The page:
4. Colin, I love the fact that you're so clued up with your theory. I'm about to finish my degree in electronic/electrical engineering and your videos on these topics always help jog my memory with these things. It's unfortunately a skill not enough musicians posses anymore

  5. It should be mentioned that you can and will blow the fuse in your meter if you try to measure ohms on something live

  6. As a pedal builder and guitar tech, I can't even begin to tell you how much time and money could be saved by simply doing basic continuity testing. It's really worth learning.

  7. Thank you Colin! These kinds of videos are dynamite for the aspiring tech. I know enough to be dangerous (to turn a phrase) but it's good to have info like this at the ready. Keep it up!

  8. Now all that's left to do with a multimeter is learn how it can play video games so Bethesda can rerelease Skyrim on one.

  9. when you first changed your layout, you seemed to still be getting used to it and it admittedly made the show less enjoyable. however, now i can tell you're feeling a lot more comfortable with it all, i find myself chuckling in the same way i did before but now things are a lot more spicy and clean visual-wise! keep it up colin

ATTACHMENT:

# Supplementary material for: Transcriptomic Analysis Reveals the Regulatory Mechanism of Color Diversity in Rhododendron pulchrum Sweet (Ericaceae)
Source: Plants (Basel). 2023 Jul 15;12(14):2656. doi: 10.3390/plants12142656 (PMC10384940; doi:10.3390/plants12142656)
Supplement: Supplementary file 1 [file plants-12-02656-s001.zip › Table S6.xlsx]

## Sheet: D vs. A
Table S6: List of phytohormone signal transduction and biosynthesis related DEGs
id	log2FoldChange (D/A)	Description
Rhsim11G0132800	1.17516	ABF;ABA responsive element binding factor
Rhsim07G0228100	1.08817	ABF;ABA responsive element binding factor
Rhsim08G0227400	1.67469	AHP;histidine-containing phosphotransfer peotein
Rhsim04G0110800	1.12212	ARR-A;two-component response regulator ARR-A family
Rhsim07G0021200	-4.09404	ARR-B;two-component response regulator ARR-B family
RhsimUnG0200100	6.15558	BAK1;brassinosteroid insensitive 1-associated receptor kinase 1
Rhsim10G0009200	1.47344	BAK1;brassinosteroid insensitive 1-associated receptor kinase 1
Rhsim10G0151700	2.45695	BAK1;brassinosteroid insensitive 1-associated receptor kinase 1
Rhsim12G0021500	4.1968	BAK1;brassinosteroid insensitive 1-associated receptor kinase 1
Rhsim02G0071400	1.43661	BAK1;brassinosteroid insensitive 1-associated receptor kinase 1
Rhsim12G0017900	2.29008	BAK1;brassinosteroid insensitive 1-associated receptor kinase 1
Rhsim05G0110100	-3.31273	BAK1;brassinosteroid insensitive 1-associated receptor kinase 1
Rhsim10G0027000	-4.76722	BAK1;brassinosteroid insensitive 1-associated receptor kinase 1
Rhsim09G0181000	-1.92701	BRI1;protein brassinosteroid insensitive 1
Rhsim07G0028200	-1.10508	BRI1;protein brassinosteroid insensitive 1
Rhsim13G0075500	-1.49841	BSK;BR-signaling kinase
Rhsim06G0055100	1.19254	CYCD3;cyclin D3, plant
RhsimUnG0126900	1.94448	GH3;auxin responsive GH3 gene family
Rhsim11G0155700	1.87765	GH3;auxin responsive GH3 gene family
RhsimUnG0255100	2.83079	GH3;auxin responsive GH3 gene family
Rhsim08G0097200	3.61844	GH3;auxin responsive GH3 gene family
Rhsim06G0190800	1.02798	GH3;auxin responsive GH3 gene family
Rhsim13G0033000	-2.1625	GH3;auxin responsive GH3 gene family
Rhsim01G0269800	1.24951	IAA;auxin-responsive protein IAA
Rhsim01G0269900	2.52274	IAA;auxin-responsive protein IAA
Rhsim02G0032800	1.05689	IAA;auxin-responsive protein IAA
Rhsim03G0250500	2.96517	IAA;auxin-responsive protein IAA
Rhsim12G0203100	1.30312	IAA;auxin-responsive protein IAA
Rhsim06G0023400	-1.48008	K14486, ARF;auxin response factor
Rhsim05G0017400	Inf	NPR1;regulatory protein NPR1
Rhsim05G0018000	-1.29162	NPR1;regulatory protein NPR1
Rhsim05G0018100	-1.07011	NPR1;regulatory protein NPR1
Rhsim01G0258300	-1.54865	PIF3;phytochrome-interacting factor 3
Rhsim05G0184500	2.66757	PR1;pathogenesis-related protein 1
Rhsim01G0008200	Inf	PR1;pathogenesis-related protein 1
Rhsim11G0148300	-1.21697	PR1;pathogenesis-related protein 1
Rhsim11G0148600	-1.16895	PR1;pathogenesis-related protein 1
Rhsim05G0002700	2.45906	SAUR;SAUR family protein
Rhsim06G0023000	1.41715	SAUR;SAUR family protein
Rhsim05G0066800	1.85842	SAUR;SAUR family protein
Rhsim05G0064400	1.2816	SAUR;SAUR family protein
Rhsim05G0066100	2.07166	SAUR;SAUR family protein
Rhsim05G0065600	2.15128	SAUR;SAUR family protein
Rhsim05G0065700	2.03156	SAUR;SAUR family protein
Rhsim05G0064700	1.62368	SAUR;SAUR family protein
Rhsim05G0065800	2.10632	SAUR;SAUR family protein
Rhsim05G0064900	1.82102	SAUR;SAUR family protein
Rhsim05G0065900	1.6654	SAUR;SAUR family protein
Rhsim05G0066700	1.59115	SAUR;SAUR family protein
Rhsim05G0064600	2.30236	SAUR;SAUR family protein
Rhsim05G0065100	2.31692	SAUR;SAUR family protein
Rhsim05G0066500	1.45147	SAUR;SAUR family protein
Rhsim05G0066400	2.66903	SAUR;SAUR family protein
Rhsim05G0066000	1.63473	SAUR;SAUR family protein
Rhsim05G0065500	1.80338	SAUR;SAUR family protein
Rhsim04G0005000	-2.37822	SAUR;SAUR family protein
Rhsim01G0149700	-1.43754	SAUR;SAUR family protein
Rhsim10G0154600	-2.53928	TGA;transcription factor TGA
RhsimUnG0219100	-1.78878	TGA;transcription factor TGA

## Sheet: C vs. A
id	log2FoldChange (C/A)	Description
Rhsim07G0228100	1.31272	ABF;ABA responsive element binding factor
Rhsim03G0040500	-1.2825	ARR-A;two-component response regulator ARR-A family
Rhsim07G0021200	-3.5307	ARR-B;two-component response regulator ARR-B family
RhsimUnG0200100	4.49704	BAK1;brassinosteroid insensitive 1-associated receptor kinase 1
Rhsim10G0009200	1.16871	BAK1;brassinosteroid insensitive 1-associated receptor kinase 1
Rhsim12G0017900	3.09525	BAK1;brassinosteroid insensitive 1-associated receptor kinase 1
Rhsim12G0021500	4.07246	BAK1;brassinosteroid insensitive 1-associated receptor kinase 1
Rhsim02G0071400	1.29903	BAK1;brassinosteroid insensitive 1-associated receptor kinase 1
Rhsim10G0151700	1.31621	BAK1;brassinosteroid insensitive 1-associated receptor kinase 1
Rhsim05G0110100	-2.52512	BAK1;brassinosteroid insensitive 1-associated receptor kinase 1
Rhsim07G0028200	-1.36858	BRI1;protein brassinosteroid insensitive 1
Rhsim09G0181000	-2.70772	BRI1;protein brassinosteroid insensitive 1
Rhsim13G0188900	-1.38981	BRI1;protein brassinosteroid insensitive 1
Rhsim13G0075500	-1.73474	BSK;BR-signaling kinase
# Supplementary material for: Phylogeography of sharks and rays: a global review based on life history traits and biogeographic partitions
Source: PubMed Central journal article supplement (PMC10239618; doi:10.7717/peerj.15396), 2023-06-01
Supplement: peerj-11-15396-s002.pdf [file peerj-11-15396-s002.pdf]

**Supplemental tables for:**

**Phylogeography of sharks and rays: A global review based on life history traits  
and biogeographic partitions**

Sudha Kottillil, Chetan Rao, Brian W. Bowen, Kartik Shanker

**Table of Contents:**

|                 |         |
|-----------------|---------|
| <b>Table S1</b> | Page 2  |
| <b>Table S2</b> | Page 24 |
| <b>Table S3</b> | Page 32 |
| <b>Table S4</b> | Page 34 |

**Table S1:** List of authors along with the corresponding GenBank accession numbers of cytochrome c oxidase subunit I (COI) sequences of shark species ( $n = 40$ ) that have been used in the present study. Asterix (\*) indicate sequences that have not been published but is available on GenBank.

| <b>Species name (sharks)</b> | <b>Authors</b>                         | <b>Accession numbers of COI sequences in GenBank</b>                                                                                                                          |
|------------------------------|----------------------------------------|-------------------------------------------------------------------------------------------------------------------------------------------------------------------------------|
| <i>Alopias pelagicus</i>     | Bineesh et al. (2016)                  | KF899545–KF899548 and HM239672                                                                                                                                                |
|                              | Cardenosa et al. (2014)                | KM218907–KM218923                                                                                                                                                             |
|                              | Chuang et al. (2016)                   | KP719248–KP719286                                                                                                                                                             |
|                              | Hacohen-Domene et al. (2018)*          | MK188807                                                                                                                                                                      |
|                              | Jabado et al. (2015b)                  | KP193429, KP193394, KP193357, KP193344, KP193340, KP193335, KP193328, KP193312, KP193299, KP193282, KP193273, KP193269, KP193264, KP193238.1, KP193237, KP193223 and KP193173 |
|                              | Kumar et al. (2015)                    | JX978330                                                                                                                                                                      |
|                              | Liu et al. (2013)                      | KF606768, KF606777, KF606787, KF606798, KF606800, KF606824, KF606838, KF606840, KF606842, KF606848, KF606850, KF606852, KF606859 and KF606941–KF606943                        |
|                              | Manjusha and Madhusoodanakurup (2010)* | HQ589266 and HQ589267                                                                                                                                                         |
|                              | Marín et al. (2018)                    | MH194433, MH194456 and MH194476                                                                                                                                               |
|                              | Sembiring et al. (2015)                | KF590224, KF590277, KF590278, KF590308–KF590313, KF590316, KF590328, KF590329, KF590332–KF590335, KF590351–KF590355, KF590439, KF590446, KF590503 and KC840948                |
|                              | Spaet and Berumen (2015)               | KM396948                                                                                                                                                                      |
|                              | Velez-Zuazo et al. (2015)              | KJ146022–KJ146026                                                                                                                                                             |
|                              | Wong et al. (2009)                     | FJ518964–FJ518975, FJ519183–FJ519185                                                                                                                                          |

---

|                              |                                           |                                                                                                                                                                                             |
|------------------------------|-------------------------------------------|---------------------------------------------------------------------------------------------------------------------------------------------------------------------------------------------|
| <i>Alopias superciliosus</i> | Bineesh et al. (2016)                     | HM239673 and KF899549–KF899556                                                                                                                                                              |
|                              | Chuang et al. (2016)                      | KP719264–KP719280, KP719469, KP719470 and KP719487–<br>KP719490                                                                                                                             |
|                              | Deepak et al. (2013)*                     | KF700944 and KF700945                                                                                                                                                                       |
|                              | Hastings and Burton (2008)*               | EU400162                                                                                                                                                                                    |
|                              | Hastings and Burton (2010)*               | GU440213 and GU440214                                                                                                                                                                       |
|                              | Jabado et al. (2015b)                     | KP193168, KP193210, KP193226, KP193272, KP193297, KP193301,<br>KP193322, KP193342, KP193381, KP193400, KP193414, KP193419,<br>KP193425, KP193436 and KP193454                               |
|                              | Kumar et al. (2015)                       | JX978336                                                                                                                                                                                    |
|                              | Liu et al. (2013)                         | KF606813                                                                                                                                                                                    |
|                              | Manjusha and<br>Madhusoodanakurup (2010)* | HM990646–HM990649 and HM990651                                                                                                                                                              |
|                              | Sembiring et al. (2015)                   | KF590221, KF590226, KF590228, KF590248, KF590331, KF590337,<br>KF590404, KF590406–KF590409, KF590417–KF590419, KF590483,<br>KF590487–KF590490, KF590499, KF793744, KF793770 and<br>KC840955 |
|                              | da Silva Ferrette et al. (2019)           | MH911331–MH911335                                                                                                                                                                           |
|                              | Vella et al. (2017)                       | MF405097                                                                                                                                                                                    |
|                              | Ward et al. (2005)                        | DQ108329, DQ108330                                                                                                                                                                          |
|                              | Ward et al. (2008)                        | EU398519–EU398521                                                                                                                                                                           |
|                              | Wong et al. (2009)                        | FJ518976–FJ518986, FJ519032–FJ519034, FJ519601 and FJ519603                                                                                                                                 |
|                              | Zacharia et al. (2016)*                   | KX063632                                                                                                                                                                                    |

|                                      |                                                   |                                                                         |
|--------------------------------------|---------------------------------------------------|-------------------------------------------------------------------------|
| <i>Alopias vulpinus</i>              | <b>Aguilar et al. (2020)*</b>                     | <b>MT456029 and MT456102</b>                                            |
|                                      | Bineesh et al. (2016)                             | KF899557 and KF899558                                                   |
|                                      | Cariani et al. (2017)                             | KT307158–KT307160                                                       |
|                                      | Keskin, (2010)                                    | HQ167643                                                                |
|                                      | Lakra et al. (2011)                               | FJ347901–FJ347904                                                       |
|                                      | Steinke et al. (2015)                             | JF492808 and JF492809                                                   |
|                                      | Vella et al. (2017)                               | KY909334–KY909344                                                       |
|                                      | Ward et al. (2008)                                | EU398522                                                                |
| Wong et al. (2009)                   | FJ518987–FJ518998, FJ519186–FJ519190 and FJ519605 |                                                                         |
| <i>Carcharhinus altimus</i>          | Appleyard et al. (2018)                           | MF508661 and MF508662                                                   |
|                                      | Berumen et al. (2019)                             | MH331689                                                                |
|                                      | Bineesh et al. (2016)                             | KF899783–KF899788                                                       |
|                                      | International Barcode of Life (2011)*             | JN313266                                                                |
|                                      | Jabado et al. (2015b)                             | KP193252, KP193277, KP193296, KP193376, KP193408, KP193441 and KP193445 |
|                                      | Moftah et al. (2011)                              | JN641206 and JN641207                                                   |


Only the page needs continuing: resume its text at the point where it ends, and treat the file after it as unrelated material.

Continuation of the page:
10. Thank you for this. I hope you expand on this some more. Especially the ground hum issues. you seem to have a good way of cutting through the crap and making an easy to watch video

  11. This is probably thes most helpful video for someone who wants to learn more about guitar maintenance. Great work!

  12. Colin, great video! Long time viewer, first time commenter….what model multimeter is it that you are using? It's incredibly versatile.

  13. I've love this since you had your green screen and jack daniels on shot, this channel has always been extremely informative and more importantly easy to digest great work buddy, never a bad episode.